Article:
Is that surprising surprising and on average student achievement scores decline over the summer vacation by about one month’s worth of school year learning and the decline is sharper in math than it is in Reading. And the loss is larger at the higher grade levels. That’s not so surprising that you don’t forget your uh algebra more than maybe your ABCs and then finally, this is much bigger issue for lower-income kids.

Are you saying this is a social justice issue Sky. I mean it is it is because middle class upper middle class families that have lots of resources. They put their kids in Camp All Summer Long my son. Well we. Afford it all summer. I mean my son. He did a computer camp this year. He did. Yeah a couple of different, uh, you know swim team camps and stuff like that lots of different activities keep them occupied but a lot of kids don’t have those opportunities and they spend the summer watching TV or hanging around the block.

That’s right. I got a high school kid at a cross-country camp this week 500 bucks. Really? I had a I had my younger daughter went to a horse camp and that was about 400. So those things are. Can’t do that. So I mean even my kids I wish they were I wish they were busier and I wish I could put him in more camps and if there was a year-round schedule, I’ll guarantee you they uh, they would be in it the white upper-middle-class school board can say well we don’t want we don’t want we don’t want year-round school, but it’s hurting the kids that are hurting already in our achievement Gap issues.

It’s that’s who is hurting the most. Yeah, and and a lot of the pushback is okay parents like us we don’t. To give up the summer break. We don’t want to give up our vacation. I’ve been working all summer. I know I have a job. I know but I’m just saying in terms of taking a vacation. They think oh, well, I’m not gonna be able to take a vacation with my kids.

I don’t like that. Well, I’ll tell you what, so what if I had two weeks in the fall when nobody else is going on vacation to go on vacation. That sounds awesome to me. I tried to go down to Florida a couple years ago for spring break and the airfare was through the roof because everybody in America had the same week for spring break.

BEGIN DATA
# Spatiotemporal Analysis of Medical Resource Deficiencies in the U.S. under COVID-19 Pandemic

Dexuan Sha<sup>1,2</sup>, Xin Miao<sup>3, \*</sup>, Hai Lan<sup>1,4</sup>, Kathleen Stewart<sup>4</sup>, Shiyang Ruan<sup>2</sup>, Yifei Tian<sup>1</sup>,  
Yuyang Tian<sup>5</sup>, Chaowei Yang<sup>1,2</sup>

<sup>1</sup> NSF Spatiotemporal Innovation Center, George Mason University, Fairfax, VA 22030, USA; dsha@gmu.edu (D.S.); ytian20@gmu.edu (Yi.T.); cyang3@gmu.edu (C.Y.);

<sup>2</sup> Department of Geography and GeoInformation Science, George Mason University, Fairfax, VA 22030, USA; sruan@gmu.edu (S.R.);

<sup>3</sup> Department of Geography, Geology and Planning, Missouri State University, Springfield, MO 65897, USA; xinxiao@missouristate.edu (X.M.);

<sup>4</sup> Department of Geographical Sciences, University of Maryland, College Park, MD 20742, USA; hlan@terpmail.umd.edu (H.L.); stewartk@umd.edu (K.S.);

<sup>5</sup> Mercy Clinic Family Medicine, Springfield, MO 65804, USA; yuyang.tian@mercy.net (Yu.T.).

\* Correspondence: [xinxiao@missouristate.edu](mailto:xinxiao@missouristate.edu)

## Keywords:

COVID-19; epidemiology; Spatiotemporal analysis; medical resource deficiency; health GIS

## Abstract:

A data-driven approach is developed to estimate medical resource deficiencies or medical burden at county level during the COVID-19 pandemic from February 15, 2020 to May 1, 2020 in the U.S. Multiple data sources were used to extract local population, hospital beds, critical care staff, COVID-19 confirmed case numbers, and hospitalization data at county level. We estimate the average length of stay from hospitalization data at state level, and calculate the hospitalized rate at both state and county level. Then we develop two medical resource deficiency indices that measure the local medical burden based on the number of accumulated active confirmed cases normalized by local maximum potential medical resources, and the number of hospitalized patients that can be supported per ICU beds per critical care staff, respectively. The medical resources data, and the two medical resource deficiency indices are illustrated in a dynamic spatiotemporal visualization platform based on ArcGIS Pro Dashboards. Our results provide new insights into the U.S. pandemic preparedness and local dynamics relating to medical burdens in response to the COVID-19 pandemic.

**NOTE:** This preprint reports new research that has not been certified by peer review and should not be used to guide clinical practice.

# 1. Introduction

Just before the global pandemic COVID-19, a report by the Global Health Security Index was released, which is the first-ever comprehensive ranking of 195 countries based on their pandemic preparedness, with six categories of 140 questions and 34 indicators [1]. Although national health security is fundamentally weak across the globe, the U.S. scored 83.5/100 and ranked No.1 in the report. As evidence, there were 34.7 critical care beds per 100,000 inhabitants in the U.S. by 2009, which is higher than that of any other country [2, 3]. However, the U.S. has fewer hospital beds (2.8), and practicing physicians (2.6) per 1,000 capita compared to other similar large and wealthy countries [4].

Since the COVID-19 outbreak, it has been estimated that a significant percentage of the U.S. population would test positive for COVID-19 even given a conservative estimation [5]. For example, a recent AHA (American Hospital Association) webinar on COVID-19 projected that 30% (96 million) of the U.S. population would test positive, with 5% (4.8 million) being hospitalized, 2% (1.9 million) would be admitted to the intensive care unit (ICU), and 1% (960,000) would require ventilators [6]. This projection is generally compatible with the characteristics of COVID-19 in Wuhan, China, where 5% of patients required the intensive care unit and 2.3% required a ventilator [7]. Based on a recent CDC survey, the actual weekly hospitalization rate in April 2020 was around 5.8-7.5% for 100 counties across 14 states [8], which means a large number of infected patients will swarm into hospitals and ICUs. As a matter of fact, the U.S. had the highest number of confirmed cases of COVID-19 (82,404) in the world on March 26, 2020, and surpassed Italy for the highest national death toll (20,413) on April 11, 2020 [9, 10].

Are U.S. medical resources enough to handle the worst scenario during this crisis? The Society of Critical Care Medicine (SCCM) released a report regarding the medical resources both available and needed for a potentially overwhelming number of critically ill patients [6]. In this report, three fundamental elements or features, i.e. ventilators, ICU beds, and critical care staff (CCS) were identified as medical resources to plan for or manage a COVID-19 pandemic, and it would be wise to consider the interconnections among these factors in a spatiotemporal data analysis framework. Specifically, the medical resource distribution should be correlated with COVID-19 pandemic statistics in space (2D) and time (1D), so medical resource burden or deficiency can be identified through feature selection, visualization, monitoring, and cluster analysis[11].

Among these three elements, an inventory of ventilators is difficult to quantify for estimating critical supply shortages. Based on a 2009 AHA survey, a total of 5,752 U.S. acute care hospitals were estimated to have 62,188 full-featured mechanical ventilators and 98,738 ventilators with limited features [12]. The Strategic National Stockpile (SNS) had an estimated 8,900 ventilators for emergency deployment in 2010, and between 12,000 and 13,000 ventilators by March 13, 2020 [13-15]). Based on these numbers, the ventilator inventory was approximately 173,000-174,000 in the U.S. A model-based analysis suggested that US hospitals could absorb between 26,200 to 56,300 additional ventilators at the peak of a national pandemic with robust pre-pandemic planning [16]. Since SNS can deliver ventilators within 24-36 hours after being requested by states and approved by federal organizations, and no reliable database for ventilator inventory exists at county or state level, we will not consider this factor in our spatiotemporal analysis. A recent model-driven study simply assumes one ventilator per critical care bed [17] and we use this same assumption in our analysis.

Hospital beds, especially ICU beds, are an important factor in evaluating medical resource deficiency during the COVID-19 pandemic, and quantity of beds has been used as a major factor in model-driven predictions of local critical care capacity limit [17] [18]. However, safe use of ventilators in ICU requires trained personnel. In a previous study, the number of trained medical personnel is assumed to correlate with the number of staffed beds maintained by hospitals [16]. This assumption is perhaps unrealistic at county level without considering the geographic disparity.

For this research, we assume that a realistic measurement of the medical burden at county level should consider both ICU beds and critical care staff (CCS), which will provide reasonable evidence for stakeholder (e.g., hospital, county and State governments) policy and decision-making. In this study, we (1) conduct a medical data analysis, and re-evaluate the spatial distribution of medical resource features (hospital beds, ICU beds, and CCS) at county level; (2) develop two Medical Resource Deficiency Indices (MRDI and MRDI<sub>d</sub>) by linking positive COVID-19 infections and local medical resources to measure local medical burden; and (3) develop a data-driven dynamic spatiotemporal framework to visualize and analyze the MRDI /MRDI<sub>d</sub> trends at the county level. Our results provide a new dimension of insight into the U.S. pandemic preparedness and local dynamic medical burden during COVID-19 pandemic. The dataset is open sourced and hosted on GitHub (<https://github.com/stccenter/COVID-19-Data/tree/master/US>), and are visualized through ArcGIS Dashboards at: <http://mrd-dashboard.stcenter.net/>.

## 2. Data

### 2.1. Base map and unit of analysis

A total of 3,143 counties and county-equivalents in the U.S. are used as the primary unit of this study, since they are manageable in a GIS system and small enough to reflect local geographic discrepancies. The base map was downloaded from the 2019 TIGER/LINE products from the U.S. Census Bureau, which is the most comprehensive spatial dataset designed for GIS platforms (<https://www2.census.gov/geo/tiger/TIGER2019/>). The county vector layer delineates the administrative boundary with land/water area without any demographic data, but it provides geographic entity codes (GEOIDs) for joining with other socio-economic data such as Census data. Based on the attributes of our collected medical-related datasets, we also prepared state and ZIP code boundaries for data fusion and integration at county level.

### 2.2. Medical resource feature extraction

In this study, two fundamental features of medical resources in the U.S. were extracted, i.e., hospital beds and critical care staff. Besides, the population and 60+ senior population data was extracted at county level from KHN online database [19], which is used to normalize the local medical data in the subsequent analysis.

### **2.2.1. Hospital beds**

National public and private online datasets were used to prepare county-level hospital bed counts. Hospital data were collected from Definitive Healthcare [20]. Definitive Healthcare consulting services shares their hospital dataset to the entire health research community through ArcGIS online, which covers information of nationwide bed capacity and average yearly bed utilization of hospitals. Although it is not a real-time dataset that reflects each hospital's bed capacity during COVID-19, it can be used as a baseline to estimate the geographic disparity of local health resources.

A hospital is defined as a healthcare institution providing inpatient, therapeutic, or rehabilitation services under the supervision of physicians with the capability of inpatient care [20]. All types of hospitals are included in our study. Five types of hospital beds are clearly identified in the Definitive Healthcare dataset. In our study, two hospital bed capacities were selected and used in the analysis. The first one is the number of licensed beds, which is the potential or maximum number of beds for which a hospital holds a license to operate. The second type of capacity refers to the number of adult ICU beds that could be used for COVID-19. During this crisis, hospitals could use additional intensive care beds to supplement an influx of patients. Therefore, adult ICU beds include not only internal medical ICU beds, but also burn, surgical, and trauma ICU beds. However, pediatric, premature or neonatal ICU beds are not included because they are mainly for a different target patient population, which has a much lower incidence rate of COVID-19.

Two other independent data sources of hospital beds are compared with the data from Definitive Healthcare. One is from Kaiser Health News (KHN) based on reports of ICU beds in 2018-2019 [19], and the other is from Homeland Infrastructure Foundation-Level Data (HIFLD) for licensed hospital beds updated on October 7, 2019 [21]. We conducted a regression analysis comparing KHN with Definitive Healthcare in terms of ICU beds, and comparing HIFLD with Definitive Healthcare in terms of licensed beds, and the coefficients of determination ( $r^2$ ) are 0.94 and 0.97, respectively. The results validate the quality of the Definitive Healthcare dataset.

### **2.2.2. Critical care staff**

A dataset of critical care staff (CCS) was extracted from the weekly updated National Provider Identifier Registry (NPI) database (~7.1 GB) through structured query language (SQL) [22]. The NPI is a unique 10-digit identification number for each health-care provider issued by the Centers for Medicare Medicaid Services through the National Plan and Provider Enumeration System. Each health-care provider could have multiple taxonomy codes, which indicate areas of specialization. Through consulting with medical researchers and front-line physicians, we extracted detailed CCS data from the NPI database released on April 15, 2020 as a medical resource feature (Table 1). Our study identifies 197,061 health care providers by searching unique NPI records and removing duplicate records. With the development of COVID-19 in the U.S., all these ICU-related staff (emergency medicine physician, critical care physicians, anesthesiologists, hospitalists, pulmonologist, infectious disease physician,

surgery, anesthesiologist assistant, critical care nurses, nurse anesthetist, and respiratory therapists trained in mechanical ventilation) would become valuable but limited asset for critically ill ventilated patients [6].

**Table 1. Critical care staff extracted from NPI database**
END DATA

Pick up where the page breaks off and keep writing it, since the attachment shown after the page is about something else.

What if I had two other week some other time? It’d be great for us. The other thing you often hear is hey, let’s let kids be kids. Summer vacation is important. They’re not just supposed to sit in front of a book called A. They’re supposed to get out and use their imagination and play and they’re putting on too much weight.

Obesity is a problem. Why are you taking away summer vacation from Phil? Well, I mean, you know, a lot of kids just sitting there iPads the whole time or their devices or whatever. They have during the summertime, you know, you know, I think every every parent has that issue it like it’s some point in summer vacation my kids say.

I’m bored. There’s nothing to do. Yeah, usually about the second week. But the point is you’d still get even if you went to this Montessori charter school, you’re still getting six weeks in the summer still getting six weeks in place. You’re getting some additional instead of a spring break. It’s a fall break and a winter break plus the spring break.

Yeah. So you’re breaking it up a little bit what some other districts have found is that you can save money. So this is the little this is a little bright, uh, Underlying point for taxpayers out there so I don’t have kids in school and work them hard. What’s the matter with you? Well grumpy, mr. Taxpayer. Guess what? You can save some money on this deal because if you what a lot of schools do is they’ll psycho kids through so that when some some kids are on break, uh, the other kids are in the school. Okay. So what you wind up with is the schools are used throughout the year rather than just sitting vacant for three months.

Yeah. Now that might. Work in Madison because what we always hear well, we don’t have air conditioning in most of the school buildings. Well, hey, we got summer school. Yeah without air conditioning. So maybe we can do it. I actually gave I gave a talk in the summer school class. It was hot. Yeah.

It was too fun. Now now let’s give the Madison School District some credit here for the summer school program which appears to be improving. I mean Madison does offer a six-week summer school program and they’ve been trying to incorporate. It’s an effort that we’ve supported here at the newspaper is uh and is they have their morning classes and these tend to be classes that are a little more fun you do you don’t just sit in a seat all the time.

You have more activities and then in the afternoon, there’s recreational activities outside and they try to incorporate reading into the recreational like yeah, so maybe there’s a scavenger hunt where you reading and then through the read up program kids get five free books that they get to pick.